Mastering Queues in Python: A Comprehensive Guide
Python, a versatile programming language, provides a wide range of data structures to store and manipulate data, making it a popular choice for a multitude of applications. One such useful data structure is the Queue. In this blog post, we will delve into the details of queues, showcasing their practical utility with concrete examples.
A queue is a linear data structure that follows a particular order in which operations are performed. The order is First In First Out (FIFO). This means that the data element that is added to the queue first will be the one to be accessed or removed first. It’s much like a real-life queue where the first person to line up is the first to be served.
Python does not have a built-in Queue data type, but we can use the built-in data structures like list or the collections module’s deque class to implement a queue.
Using Lists as Queues
You can use a Python list as a queue, but this is not efficient. Lists are not optimized for operations at the beginning of the list. When you pop(0) from a list, all other elements must be shifted one by one, leading to a time complexity of O(n).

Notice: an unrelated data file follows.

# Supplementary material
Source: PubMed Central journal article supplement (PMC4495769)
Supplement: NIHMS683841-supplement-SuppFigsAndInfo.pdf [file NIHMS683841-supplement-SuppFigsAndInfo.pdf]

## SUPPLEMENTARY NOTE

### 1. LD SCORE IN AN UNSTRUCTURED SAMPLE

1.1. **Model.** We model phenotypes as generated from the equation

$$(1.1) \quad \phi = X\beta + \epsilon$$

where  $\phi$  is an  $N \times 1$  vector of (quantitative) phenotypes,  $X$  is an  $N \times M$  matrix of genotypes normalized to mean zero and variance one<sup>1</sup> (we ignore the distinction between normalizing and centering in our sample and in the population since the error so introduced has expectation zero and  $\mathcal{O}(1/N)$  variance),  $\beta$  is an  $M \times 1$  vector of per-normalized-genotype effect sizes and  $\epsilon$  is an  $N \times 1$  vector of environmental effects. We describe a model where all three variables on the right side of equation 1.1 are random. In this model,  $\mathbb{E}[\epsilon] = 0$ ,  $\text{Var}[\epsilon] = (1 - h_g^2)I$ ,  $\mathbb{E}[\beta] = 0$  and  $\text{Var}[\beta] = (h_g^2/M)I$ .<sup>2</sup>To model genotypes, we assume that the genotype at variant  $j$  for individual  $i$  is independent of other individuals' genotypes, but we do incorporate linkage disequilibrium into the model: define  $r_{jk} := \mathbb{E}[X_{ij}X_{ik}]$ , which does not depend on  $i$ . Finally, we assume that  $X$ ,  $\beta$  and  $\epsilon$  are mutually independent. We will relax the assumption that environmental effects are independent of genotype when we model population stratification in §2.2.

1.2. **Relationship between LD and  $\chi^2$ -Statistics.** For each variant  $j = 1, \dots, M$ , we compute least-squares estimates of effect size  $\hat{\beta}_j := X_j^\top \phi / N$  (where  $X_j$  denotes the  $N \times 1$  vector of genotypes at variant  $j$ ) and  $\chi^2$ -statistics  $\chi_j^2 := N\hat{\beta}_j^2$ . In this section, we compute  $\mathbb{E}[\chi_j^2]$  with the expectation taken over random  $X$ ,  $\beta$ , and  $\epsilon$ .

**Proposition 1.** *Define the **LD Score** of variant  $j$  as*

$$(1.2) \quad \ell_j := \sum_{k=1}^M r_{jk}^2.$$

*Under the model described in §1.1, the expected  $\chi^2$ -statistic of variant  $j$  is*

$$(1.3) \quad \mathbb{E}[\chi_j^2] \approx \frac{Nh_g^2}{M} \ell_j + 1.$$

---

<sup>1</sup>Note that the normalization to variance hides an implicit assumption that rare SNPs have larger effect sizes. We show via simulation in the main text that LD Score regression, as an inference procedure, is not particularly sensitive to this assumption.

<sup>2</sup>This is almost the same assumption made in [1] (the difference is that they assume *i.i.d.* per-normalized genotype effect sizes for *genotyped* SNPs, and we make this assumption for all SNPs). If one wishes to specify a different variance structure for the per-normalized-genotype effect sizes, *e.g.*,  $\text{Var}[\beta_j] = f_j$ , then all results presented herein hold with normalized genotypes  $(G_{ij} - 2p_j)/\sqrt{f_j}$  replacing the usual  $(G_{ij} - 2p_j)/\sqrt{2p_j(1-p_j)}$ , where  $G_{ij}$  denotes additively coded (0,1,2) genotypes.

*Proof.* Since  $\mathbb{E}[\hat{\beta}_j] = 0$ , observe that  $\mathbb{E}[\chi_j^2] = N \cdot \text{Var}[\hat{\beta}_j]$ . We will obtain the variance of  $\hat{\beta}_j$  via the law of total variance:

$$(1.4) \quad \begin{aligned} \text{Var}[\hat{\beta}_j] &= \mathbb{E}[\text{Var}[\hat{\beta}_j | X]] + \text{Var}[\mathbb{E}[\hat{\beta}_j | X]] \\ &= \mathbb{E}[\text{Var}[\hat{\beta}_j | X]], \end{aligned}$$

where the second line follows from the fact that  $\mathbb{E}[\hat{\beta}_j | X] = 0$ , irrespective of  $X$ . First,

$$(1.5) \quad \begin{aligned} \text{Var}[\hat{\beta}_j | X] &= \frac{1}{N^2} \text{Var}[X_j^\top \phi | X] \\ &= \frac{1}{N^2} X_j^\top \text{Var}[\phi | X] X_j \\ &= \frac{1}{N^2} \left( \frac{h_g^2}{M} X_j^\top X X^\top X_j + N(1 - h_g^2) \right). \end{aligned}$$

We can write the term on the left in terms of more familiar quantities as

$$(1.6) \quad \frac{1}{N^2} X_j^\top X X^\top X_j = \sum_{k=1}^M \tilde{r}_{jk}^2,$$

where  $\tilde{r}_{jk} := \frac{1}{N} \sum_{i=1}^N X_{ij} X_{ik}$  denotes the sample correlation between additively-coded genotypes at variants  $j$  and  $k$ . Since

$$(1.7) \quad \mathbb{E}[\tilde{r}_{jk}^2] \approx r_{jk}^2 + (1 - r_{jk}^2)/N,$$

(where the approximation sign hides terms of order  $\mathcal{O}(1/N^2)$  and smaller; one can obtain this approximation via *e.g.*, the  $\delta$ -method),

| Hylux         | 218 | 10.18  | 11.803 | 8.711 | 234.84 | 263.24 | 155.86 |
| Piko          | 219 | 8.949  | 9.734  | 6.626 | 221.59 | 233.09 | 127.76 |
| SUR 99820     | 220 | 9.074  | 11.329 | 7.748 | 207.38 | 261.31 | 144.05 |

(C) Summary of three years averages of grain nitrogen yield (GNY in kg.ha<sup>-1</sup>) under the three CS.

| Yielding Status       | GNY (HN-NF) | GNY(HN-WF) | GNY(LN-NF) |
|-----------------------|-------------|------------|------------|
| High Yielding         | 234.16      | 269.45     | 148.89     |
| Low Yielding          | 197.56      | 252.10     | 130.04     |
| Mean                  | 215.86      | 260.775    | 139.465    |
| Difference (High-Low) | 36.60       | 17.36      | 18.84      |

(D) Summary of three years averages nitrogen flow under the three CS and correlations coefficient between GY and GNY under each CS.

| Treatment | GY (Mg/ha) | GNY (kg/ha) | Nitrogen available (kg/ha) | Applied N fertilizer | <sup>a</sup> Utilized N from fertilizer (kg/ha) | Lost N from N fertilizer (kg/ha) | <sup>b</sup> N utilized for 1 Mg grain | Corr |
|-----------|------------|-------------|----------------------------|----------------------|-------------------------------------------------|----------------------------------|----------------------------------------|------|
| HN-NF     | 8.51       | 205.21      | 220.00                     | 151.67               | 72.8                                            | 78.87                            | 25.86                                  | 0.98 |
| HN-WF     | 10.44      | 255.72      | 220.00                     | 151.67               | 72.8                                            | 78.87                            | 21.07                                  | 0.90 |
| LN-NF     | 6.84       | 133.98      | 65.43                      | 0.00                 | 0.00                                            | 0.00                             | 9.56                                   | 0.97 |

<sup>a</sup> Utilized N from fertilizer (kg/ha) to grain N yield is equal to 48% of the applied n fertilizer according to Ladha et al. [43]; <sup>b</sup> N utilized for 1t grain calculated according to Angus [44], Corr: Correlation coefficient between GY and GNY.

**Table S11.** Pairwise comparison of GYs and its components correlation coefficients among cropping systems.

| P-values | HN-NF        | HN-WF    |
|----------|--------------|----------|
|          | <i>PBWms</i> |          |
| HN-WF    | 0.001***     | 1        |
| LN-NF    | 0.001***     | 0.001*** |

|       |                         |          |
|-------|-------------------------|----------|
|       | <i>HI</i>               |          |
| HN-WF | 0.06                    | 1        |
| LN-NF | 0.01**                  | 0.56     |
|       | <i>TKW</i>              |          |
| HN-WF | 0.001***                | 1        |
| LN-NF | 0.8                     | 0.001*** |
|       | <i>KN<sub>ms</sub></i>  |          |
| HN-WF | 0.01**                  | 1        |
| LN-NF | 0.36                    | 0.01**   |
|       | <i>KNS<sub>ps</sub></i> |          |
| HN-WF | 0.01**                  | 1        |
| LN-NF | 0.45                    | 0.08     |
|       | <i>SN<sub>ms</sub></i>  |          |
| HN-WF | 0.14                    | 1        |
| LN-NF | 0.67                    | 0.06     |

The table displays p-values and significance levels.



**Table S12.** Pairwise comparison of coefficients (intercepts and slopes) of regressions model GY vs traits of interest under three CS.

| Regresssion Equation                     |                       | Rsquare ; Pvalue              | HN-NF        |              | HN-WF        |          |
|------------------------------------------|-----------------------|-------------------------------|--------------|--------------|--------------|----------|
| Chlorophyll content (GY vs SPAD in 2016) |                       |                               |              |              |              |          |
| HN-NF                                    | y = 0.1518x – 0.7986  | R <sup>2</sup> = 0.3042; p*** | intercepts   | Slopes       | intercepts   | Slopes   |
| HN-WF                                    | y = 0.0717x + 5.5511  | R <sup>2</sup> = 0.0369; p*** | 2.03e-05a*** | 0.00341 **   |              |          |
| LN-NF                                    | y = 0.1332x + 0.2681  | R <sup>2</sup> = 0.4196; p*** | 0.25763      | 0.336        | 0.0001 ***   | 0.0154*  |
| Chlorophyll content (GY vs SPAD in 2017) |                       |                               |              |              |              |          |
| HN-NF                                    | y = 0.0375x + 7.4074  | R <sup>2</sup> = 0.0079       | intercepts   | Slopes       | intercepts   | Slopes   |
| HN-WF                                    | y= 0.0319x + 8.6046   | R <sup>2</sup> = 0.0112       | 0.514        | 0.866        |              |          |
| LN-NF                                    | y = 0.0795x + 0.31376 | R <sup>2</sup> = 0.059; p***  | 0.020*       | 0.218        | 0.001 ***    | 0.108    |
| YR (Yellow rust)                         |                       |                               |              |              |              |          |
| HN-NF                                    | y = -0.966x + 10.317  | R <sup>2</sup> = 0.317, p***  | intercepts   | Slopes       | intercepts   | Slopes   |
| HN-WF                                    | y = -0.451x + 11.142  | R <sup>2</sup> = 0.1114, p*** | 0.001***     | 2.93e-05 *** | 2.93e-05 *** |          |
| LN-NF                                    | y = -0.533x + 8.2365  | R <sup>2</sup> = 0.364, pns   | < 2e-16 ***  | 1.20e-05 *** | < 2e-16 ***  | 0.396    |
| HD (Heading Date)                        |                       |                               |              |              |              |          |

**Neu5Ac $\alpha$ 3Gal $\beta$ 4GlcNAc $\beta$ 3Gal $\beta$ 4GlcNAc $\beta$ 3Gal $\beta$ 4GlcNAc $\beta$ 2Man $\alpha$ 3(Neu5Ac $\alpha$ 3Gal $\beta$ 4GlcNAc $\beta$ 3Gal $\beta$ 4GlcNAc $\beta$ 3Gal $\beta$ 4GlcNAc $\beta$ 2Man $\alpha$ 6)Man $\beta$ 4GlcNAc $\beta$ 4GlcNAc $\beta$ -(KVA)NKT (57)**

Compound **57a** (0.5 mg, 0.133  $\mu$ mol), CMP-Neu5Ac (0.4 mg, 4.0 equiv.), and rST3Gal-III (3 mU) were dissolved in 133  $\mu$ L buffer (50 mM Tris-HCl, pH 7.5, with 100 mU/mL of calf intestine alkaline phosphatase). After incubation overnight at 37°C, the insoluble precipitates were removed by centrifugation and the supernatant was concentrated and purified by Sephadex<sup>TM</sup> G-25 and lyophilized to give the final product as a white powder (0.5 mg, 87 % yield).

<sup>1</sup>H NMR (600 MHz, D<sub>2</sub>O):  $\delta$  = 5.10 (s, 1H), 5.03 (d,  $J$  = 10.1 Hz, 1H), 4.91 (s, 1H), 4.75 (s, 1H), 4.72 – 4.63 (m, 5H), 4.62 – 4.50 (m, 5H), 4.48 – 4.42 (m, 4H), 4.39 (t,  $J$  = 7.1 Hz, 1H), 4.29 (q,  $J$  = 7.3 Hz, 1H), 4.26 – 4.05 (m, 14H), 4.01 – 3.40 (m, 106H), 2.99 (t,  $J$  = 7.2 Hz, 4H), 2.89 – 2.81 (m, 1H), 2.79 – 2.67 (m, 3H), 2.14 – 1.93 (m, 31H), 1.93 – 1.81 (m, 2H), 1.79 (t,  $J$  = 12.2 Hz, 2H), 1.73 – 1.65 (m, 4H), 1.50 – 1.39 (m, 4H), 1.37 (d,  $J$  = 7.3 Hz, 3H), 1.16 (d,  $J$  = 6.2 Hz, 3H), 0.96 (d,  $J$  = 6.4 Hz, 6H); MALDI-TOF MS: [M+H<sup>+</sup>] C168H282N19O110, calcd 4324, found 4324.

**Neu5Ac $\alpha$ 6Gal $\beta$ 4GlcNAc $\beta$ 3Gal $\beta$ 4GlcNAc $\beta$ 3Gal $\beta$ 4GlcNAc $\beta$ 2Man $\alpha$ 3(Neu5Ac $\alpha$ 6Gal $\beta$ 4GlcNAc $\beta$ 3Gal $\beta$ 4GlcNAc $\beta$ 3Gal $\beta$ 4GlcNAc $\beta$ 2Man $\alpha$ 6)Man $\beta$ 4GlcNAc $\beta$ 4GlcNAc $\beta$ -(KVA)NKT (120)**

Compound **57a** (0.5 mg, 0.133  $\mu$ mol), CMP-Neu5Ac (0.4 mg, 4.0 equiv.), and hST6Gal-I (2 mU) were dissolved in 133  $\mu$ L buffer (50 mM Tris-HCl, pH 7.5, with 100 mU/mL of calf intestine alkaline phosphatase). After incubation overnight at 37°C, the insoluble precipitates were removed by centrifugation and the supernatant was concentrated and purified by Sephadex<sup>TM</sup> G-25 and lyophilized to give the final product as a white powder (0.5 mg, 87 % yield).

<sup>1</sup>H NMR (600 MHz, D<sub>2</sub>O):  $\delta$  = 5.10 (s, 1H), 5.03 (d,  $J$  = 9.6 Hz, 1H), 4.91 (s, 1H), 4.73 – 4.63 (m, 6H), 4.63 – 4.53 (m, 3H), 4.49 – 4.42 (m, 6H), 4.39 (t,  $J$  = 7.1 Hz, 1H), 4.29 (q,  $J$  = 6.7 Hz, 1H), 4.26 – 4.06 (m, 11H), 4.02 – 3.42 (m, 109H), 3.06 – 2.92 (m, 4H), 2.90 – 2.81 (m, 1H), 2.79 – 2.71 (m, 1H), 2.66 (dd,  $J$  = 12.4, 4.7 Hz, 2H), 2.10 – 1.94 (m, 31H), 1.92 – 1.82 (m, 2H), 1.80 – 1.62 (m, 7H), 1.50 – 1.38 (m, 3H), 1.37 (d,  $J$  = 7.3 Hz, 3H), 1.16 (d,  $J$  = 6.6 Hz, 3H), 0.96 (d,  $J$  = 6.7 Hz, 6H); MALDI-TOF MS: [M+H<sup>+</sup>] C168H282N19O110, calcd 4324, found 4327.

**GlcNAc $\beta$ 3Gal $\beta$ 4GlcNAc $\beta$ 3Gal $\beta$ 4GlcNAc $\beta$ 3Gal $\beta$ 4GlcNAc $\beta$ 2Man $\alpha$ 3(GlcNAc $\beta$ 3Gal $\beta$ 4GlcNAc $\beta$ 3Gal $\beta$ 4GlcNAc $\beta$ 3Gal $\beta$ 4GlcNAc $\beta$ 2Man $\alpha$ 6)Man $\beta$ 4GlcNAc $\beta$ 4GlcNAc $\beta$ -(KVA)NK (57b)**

While lists provide a simple way to implement queues, for larger data sizes, this can be a performance bottleneck.
Using collections.deque for Queues
A more efficient way of implementing a queue in Python is by using collections.deque. Deque (pronounced as ‘deck’) stands for ‘double-ended queue’. It is optimized for operations on both ends of the data structure, making it ideal for queues. Here, appending and popping from the front of the deque is fast and efficient, providing O(1) time complexity.
Queue in Python’s multiprocessing
Python’s multiprocessing module also has a class called Queue that makes it easy to use a queue data structure between different processes. This can be useful when you want to distribute tasks across multiple processes, and then collect the results in a queue.
In this example, we create several processes that square a number and then put the result on the queue. Once all the processes are done, we retrieve and print the results from the queue.
Queue Class Implementation
For a more formal implementation, we can define a Queue class with enqueue, dequeue, size and is_empty methods.
This Queue class provides a clear and concise way to interact with a queue. However, remember that this implementation has O(n) time complexity for the dequeue operation because it has to shift all the other elements by one space. For a more efficient implementation, consider using collections.deque or Python’s built-in queue.Queue class, especially in multi-threading situations.
Queues in Python, though not an in-built data type, can be easily implemented using lists or the collections module’s deque class. While lists provide a simpler way to work with queues, the deque class offers greater efficiency. The choice of implementation depends on the specific requirements of your Python application. Whether you’re implementing a breadth-first search algorithm or managing processes, understanding and utilizing queues can significantly elevate your Python programming skills. Happy coding!